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9. Turbulenz Local Server User Guide

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9.1. Introduction

Welcome to the Turbulenz Local Server User Guide!

9.1.1. In This Guide

Document Sections

Here is a summary of the topics covered in each section:

What is the Turbulenz Local Server?

What does the Turbulenz Local Server do? An integral part of the Turbulenz development process; the local development server provides the foundation work flow for developing Turbulenz apps/games. This section describes the features the technology provide and how to start using it from day one.

Getting Started

How do I try it out? The best way to see what it does is to start using it! This section guides you through the server, step-by-step, showing you how the basics works.

Exploring Features

What features are available? There are tools you can use with your projects that are designed to assist you during development. This section provides further step-by-step guides explain how to use the features and how they might be of assistance.

Common Usage

What common patterns am I likely to encounter when developing? This section covers how you may interact with the local server on a daily basis. It offers suggestions for how best to use it and describes how to perform some more advanced tasks.

Additional Information

What else should I know about? An additional reference for the local server that covers some aspects in more detail. This section contains information to help you get the most out of the local server and its tools.


I can’t get it to work: If you are encountering problems when using the local server, check out this section to see if you can find a solution to your problem. It covers the possible pitfalls you might encounter and offers you suggestions to help you get going again.


  • You have a basic understanding of what ‘Turbulenz’ is as a company and range of products.
  • You understand that Turbulenz technology products allow developers to create games that run online on a range of platforms.
  • You are have read the Getting Started Guide and have heard the ‘local server’ mentioned.
  • You are new to developing Turbulenz applications/games and are about to start a new project OR you have yet to use the local server.


Some parts of this guide may require you to have an understanding how your application/game is built including build processes and tools. The prerequisite information can be found in the Getting Started Guide.

9.2. What is the Turbulenz Local Server?

9.2.1. Summary

The Turbulenz Local Server is a web server you can run on your computer to simulate the online infrastructure provided by Turbulenz. It provides cloud-based service APIs locally for you to test your game/app against. Not limited to just web server functionality, it also provides the tools to help you develop your game/app on your local machine. You can visually debug your game assets, test file mappings, view server response metrics and inspect your Turbulenz Services data, all without internet access. If you are working on a local network with other developers, you can allow them to access your projects and test your work as you are developing it, great for tracking down bugs. Once your code is running on your local server, even in a basic form, you can use the local server to deploy a build of your project to your account on the Turbulenz Hub. In this way you can allow 3rd parties to try your project even during development to help with testing, demoing and getting feedback.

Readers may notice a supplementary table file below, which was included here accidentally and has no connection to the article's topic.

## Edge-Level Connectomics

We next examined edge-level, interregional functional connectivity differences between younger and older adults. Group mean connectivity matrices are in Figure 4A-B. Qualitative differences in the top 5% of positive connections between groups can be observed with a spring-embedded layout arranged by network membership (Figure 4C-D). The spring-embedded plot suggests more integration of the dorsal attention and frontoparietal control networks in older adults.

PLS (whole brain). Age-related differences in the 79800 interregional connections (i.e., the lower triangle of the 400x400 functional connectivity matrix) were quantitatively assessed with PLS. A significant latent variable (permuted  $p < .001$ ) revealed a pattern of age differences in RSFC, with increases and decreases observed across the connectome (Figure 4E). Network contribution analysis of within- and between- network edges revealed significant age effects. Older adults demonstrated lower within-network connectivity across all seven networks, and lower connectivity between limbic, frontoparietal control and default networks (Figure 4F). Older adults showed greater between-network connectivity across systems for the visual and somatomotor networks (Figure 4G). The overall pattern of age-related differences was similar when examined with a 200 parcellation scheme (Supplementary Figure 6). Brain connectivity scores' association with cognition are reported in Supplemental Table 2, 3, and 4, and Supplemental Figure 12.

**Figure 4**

It all starts with the local server and here are the features it provides:

9.2.2. Features


  • Project creation, editing, deployment from local server interface.
  • Ability to select from multiple projects and view associated data.
  • Ability to add artwork to your project.

File Serving

  • A locally run web server for serving your code and asset files.
  • Ability to server multiple game configurations.
  • Suitable for sharing content with other developers on private networks (Not recommended for unknown networks, such as internet cafes, airports).

Turbulenz Services APIs

  • An offline accessible set of Turbulenz Service APIs, for the purpose of developing and debugging.
  • Visualization of User Data API key-value pairs, for debugging data submitted by the game/app.
  • Ability to manually set User Profile, Leaderboard, Badge data to test game behavior.


  • Metrics for recording the activity during a play session.
  • File request metrics for tracking the type, amount and speed of data transferred including server responses.
  • Visualization of the formats of the assets used by the game.

Built in Tools

  • An Asset viewer for visualizing asset data such as geometries, animations and physics data with the following features:
    • Assets loaded into a 3D window view.
    • Mouse and keyboards controls for navigating 2D/3D data.
    • Default shaders including wireframe, normals to help visualize geometry data.
    • Options to display normals, tangents, binormals for geometry data.
    • Options for controlling animation playback data.
    • Visualization for geometry extents.
  • A disassembler tool for inspecting converted asset files in JSON format.


  • Ability to upload project files to a specified Turbulenz Hub account.
  • Ability to create a new project version or deploy to an existing one.
  • Gzip compression of file data (No additional compression required).
  • File hashing of uploaded data (once a file has been successfully deployed, identical files will be skipped, reducing upload time).

9.3. Getting Started

To get started using the local server quickly, the following step-by-step instructions will help you navigate the server:

9.3.1. Start the local server

Once you have installed the SDK on your computer:


  1. Click the link: (Start Menu -> Programs -> Turbulenz -> SDK X.X.X -> Run Local Server X.X.X)
  2. Wait for the server to start. This should take no more than a minute (If it seems to be taking longer try troubleshooting).
  3. Once loaded, your default browser should navigate to, this is the web address for your local server.
  4. You should see a page entitled ‘local.turbulenz’.

Mac / Linux:

  1. In the terminal, navigate to location of your SDK. The default location is: ~/Turbulenz/SDK/X.X.X
  2. Type: ./